COP 24 negotiations culminated in the 2018 “Paris Rulebook” (“Rulebook”) but fell short of resolving all issues implementing the 2015 Paris Agreement (“Agreement”). In 2019 and subsequent years, we expect dynamic debates between negotiators on at least five key issues:
- How to implement voluntary market mechanisms under Article 6 of the Agreement,
- How to increase collective ambition through each country’s voluntary pledges,
- How to recognize the IPCC 1.5◦C Report’s scientific findings,
- Setting a new climate financing goal for developed nations to meet, and
- Continuing discussions on “loss and damage” issues for vulnerable nations.
This is the second of a two-part series discussing the results of the COP 24 summit. In Part One, we described how Katowice negotiators found commPreview (opens in a new window)on ground on transparency and reporting provisions in the Rulebook, but could not reach agreement on the more ambitious voluntary market mechanisms.
First, at COP 25—which will be held in Chile in November 2019—negotiators will continue to work through technical details to implement Article 6 of the Agreement. As discussed in Part One, Article 6 allows for “internationally transferred mitigation outcomes” (“ITMOs”), including creative market-based mechanisms like global carbon-trading systems and emission credit systems, which could result in deeper reductions in global carbon emissions. However, Katowice negotiators reached an impasse when several countries led by Brazil opposed strict accounting principles intended to avoid “double counting” of emission reductions, which may limit Brazil’s plans to rely on forest management practices to meet its INDC in the near-term. Any future consensus on ITMO accounting rules is likely to require Brazil’s cooperation—and that of its incoming administration.
Second, post-Katowice negotiations will predominantly focus on how to increase collective ambition through each country’s Intended Nationally Determined Contributions (“INDCs”), a process that was recently formalized under the 2018 Talanoa Dialogue. The Rulebook’s treatment of the Dialogue is ambivalent—it only “[t]akes note” of the Dialogue and “[i]nvites” countries to “consider” more ambitious INDC targets. However, this ambivalence is unlikely to last long. The Rulebook confirms that a second stocktake of “pre-2020” actions (including “Cancun Pledges” and ratification status of the Doha Amendment) will occur in 2019. This pre-2020 stocktake will accelerate ambition levels for both 2020—when the Agreement enters into force and parties are expected to submit new or updated pledges, and 2023—when the parties will engage in the first comprehensive Article 14 global stocktake. From there, countries party to the Agreement will be expected to “ratchet” up their ambition levels at five-year intervals. At each of these stages, nations will be under pressure to increase their pledges.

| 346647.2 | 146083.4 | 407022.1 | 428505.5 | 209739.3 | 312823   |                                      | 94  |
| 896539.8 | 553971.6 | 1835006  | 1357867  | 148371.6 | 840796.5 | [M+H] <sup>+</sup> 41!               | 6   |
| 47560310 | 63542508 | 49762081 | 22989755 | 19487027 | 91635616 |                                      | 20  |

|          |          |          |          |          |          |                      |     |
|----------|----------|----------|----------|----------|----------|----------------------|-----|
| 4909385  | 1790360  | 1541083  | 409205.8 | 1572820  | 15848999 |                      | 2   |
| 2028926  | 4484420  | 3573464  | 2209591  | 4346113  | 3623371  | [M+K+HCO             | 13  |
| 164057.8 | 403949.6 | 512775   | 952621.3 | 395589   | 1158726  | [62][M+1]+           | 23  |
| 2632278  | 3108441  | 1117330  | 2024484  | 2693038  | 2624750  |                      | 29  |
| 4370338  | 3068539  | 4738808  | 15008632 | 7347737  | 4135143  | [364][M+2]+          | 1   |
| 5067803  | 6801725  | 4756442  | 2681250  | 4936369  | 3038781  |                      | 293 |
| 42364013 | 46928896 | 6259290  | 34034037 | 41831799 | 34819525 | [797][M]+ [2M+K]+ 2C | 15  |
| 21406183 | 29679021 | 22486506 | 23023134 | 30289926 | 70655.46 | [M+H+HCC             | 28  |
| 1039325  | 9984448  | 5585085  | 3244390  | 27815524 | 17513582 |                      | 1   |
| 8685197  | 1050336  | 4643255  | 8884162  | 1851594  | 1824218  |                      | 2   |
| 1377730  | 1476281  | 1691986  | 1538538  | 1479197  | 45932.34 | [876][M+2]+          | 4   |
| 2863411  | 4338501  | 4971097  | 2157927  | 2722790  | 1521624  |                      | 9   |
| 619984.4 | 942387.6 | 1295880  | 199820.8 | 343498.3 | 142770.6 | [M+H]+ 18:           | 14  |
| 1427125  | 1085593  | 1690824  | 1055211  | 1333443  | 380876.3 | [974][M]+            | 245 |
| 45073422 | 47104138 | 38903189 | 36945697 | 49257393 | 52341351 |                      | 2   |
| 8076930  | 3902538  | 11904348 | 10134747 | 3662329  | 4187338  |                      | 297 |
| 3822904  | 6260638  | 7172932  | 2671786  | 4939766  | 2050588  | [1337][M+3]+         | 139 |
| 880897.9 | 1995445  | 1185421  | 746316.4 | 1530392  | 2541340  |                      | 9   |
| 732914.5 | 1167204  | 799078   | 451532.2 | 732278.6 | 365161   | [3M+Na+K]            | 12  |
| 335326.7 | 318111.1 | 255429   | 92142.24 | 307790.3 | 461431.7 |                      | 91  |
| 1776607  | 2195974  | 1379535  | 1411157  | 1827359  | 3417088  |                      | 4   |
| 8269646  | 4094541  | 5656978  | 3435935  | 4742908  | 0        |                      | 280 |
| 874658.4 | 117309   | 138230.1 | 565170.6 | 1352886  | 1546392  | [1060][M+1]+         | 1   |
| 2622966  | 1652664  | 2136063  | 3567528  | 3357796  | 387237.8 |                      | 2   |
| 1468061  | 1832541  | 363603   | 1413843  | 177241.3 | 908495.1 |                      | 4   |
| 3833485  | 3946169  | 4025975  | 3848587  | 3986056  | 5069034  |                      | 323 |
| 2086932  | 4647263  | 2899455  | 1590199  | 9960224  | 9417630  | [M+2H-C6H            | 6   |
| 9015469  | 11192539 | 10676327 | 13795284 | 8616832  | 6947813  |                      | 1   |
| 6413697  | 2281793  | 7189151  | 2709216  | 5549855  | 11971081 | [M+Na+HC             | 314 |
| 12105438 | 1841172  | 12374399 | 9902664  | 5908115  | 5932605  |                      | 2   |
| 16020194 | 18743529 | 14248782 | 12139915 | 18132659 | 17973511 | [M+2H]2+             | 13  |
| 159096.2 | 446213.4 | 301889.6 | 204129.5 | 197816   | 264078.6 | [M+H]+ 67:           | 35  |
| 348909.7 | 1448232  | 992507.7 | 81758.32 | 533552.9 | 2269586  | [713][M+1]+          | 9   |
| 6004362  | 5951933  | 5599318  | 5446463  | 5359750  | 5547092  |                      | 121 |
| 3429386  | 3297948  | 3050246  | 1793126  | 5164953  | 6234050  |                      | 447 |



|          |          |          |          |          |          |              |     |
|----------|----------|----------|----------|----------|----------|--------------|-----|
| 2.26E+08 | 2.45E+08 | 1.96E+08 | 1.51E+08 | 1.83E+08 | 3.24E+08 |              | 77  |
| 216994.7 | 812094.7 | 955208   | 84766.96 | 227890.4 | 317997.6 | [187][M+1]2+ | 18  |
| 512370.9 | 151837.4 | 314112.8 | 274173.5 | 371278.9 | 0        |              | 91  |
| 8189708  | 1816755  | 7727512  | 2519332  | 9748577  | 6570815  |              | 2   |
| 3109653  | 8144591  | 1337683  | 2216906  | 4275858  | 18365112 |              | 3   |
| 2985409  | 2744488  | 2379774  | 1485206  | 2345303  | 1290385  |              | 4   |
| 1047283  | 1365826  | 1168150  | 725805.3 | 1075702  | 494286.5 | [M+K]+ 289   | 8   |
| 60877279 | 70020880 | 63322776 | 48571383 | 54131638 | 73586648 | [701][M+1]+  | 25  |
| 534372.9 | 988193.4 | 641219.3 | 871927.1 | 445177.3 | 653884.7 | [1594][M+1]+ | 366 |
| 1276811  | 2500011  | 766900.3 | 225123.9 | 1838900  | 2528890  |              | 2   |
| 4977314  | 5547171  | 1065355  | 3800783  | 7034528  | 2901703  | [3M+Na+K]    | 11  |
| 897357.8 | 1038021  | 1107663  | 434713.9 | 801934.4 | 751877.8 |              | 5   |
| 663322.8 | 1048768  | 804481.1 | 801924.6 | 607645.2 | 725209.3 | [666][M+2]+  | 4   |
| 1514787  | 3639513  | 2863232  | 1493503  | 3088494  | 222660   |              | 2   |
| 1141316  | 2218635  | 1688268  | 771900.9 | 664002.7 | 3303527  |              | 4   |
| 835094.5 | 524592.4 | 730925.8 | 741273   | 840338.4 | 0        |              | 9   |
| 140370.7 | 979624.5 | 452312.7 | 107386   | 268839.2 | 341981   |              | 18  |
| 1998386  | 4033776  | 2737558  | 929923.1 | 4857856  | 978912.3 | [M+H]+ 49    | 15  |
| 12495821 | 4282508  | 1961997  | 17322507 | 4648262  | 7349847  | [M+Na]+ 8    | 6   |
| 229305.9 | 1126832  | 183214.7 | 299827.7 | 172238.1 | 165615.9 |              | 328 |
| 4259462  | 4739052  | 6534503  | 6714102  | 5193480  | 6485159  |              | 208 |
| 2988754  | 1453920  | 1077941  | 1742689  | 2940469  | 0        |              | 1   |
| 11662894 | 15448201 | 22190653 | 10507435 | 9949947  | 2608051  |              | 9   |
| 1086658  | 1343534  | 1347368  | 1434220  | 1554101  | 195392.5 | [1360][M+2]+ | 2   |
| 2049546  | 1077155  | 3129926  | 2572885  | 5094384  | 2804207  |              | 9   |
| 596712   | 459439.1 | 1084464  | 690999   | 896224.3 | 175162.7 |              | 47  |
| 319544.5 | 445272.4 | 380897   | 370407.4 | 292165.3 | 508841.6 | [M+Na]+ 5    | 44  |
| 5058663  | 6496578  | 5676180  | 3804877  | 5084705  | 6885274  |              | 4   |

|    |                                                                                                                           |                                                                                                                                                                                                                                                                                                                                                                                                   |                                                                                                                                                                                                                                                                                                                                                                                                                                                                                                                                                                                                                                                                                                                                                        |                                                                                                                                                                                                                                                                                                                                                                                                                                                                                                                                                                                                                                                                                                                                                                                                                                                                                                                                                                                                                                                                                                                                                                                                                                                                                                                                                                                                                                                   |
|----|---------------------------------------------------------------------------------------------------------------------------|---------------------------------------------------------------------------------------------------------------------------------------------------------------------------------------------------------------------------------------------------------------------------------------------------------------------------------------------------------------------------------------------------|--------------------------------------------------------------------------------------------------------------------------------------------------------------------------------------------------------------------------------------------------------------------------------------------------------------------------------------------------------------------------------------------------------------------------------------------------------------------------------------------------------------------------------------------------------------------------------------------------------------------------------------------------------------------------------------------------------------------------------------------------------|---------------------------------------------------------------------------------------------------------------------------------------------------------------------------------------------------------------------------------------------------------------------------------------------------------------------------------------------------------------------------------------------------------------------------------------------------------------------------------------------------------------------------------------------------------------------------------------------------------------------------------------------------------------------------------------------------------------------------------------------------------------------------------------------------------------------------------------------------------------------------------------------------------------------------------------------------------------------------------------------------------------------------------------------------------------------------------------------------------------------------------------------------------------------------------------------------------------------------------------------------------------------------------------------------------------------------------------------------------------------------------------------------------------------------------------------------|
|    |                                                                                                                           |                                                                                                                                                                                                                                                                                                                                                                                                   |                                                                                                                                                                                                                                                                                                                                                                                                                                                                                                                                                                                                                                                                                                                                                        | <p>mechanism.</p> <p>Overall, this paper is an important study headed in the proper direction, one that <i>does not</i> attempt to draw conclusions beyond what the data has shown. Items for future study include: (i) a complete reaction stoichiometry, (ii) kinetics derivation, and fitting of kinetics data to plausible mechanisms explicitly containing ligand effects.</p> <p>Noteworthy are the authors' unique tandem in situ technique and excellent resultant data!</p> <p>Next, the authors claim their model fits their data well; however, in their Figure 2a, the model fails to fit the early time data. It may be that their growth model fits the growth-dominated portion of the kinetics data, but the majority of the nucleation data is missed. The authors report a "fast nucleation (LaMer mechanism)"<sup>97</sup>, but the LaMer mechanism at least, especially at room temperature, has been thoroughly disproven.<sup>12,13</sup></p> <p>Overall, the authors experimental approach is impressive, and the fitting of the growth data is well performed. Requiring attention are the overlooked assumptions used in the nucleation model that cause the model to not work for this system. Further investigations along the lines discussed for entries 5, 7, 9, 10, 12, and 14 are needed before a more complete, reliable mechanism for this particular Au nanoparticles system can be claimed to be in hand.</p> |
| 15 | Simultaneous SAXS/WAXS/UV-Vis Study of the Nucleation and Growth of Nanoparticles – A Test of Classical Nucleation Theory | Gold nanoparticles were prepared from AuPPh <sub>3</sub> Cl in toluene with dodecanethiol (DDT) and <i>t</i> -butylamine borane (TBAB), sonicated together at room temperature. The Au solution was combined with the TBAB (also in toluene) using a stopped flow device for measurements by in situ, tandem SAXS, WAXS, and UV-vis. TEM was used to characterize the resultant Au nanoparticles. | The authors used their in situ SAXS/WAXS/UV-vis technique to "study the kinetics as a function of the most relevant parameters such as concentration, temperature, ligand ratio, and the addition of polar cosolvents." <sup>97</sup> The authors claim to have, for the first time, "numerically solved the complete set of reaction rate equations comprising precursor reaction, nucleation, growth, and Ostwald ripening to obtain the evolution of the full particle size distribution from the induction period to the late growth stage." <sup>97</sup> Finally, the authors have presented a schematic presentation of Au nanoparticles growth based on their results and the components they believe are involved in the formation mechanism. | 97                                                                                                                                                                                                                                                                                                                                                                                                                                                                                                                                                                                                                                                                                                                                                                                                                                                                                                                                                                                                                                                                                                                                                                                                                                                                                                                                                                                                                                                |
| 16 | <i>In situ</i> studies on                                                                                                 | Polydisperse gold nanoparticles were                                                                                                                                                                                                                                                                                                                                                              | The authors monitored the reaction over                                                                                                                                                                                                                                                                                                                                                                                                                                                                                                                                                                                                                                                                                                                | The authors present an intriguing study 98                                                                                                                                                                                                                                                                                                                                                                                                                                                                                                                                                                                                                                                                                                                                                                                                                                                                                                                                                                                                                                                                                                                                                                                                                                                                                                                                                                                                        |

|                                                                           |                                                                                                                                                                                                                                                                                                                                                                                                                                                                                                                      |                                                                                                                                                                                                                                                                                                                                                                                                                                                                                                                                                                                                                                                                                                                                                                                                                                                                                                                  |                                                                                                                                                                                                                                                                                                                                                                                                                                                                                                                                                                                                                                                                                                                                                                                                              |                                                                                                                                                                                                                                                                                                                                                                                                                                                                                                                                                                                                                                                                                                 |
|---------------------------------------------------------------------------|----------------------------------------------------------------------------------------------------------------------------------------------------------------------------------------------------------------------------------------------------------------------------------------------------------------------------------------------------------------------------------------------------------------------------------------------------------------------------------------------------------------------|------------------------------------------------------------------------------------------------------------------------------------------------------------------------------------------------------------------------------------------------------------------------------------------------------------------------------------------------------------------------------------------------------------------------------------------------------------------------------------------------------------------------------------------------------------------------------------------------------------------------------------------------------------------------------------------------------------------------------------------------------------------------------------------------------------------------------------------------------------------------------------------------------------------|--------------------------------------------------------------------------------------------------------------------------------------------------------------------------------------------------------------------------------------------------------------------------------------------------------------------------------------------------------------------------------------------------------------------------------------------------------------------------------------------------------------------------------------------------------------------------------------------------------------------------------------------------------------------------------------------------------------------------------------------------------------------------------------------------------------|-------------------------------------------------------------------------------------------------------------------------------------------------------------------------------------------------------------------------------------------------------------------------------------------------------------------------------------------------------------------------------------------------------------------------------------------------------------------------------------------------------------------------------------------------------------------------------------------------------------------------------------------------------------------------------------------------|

Third, echoing a similar conflict at the national level, parties may continue to dispute how climate science should inform policymaking. To the surprise of many, participating countries in COP 24 could not agree on how to recognize the IPCC 1.5◦C Report’s scientific findings. The final text of the Rulebook merely “welcomes the timely completion” of the Report and “invites Parties to make use of [its] information.” Whether a subsequent COP will fully adopt the climate science outlined in the Report may depend on the prevailing political positions of key countries like the United States. Indeed, one of the critical opportunities to continue this conversation will be at the 2019 U.N. Climate Summit, which will be held in New York City in September 2019.
Fourth, starting in COP 26 (November 2020), parties will discuss setting a new collective climate financing goal for developed countries to meet that exceeds the former collective 2020 target of 100 billion U.S. dollars per year. However, as explained in Part One, the leniency of the Rulebook’s climate financing reporting rules may dilute the practical impact of any new goal.
Fifth, the coming years may bring more attention to the controversial issue of “loss and damage,” which was historically proposed by the Alliance of Small Island States as a way to compensate nations vulnerable to sea level rise and climate change through an international “insurance pool” funded by developed countries. Currently, under Article 8 of the Agreement, parties merely “recognize” the importance of these issues and agree to cooperate on some discrete areas, including “[r]isk insurance facilities, climate risk pooling and other insurance solutions.” Indeed, the decision adopting the Paris Agreement was quick to clarify that Article 8 “does not involve or provide a basis for any liability or compensation.” Following COP 24, the Rulebook allows countries to report on loss and damage in their transparency reports and forecasts further action on how to “[a]vert, minimize, and address” loss and damage issues at the 2023 global stocktake.
 ITMOs are not defined in the Agreement and can include a wide range of mechanisms that would, in theory, negotiate the transfer of some portion of one country’s voluntary pledges to another country. Ensuring that ITMOs represent measurable and—more importantly—additional emission reductions implicates numerous design questions, including how ITMOs should be subject to international oversight.